Day 4, March 25, Wednesday
Our day started early again. We headed out to Kona to catch our snorkeling tour. I was a little nervous about snorkeling. See, I have a few issues with water. #1 I don't like to get wet, #2 I DON'T put my face in water (duh, that is how you drown!) #3 I prefer beaches to oceans. There are no sharks or jelly fish or other things that eat you or poop in the water, on the beach, and I know where the bottom is on the beach. So needless to say Deborah had a bit of anxiety about snorkeling for the first time.
Our boat was named the Hula Kai. It was large enough to hold 42 passengers, but there were only 15 on our tour. We headed down the coast and on the way got to do some whale watching. We detoured out deeper and were able to watch a momma and baby Hawaiian Humpback pair. So beautiful to see that!
After our whale detour, we made it to our first snorkeling cove. We got a private lesson on what to do and some good tips. Kevan jumped right into the water and took to it quickly. Deborah on the other hand, well lets just say the anxiety finally showed its head. I had to sit on the ladder and practice putting my face in and practice breathing through that thing! I was so tense. My breathing was so short and shallow, and I never realized how much of a "nose breather" I am! I finally got control and started feeling more comfortable as we were in the water. It really was beautiful. I wish that film could capture exactly what the eye sees, but, alas, it doesn't.
So we started to head on to the next snorkel spot, saw lots of whale spouts a bit further out, so we the Captain head on out deep to check it out. Turns out we had found a whole pod of sperm whales. This was a real treat. Apparently it is very uncommon for these whales to be this close to the land. Our tour guide said he had been doing this for 15 years and had never seen one of these whales. He didn't know much about them, but had a book that gave us a little info. They are a predator whale which means the have teeth. They are also really cool because they can dive down 9,000 feet!! Can you even imagine the pressure at that depth?! Anyway, there were about 8 or so in the group. We got fairly close but my digi camera batteries died so the pics are with the underwater camera and not that great.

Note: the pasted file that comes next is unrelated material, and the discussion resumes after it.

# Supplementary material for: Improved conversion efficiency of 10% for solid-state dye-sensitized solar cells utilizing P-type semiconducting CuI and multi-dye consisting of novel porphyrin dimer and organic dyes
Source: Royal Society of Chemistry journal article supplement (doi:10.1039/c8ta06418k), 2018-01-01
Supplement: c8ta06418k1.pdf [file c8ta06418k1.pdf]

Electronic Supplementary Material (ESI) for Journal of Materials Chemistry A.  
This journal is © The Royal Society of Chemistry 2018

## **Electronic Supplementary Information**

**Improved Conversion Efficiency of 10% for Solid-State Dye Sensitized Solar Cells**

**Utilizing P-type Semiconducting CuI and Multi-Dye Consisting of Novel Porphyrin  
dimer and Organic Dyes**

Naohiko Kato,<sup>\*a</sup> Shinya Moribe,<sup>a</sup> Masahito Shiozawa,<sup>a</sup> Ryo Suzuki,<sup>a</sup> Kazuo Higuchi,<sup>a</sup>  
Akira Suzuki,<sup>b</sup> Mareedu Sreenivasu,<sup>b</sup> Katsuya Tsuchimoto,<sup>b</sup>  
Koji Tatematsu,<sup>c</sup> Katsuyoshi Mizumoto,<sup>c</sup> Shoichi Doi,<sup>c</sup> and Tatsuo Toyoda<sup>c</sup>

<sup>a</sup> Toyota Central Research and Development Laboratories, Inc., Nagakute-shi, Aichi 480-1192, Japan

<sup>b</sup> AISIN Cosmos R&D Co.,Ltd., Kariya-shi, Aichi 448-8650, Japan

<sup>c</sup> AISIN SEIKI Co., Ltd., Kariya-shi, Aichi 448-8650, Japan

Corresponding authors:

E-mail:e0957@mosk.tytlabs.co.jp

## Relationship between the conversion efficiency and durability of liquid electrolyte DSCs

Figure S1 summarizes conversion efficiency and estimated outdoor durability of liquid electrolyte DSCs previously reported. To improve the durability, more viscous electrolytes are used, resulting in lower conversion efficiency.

After that fun detour, we went back to the coast and docked the boat for our second snorkel dip. There were sea caves to explore here while the captain and crew cooked a fabulous hamburger lunch. The water near the caves was very cold, so I didn't venture in too far. The fish here were beautiful too, and I was much more comfortable in the water this time. I really enjoyed it!
Cpt. Cook was the British explorer who "discovered" the Hawaiian islands. The memorial is built where he was killed. Again, there are multiple stories as to how he died. One is that he had accidentally broken a "Kapu" which is a rule. This story says that a chair broke and he accidentally touched the king, which was against the rules. The penalty for breaking a Kapu was immediate death. So the kings men chased him till he was knee deep in the ocean when he realized he couldn't swim and that was that. The other story I think has something to do with him being killed in a battle with the Hawaiians over his long boat being stolen or something.
While we were in the bay at the Cpt. Cook memorial we were treated to seeing a pod of dolphins that were "sleeping". Dolphins have to swim while they are sleeping. Their brain has two hemispheres and since they have to think about breathing, only half of their brain works at a time while the other half sleeps. Crazy huh?
That evening our group went out to dinner. There were 9 couples at this dinner. So much fun. We got back just in time to catch the last little bit of Stampin' Share where demos had some fun projects out on display. We visited with Shelli Gardner a little bit and went back to our rooms.
Our pillow gift that night was a hand made sarong. A sarong is used for a few things from a skirt, to a table cloth. I chose to use it as a skirt.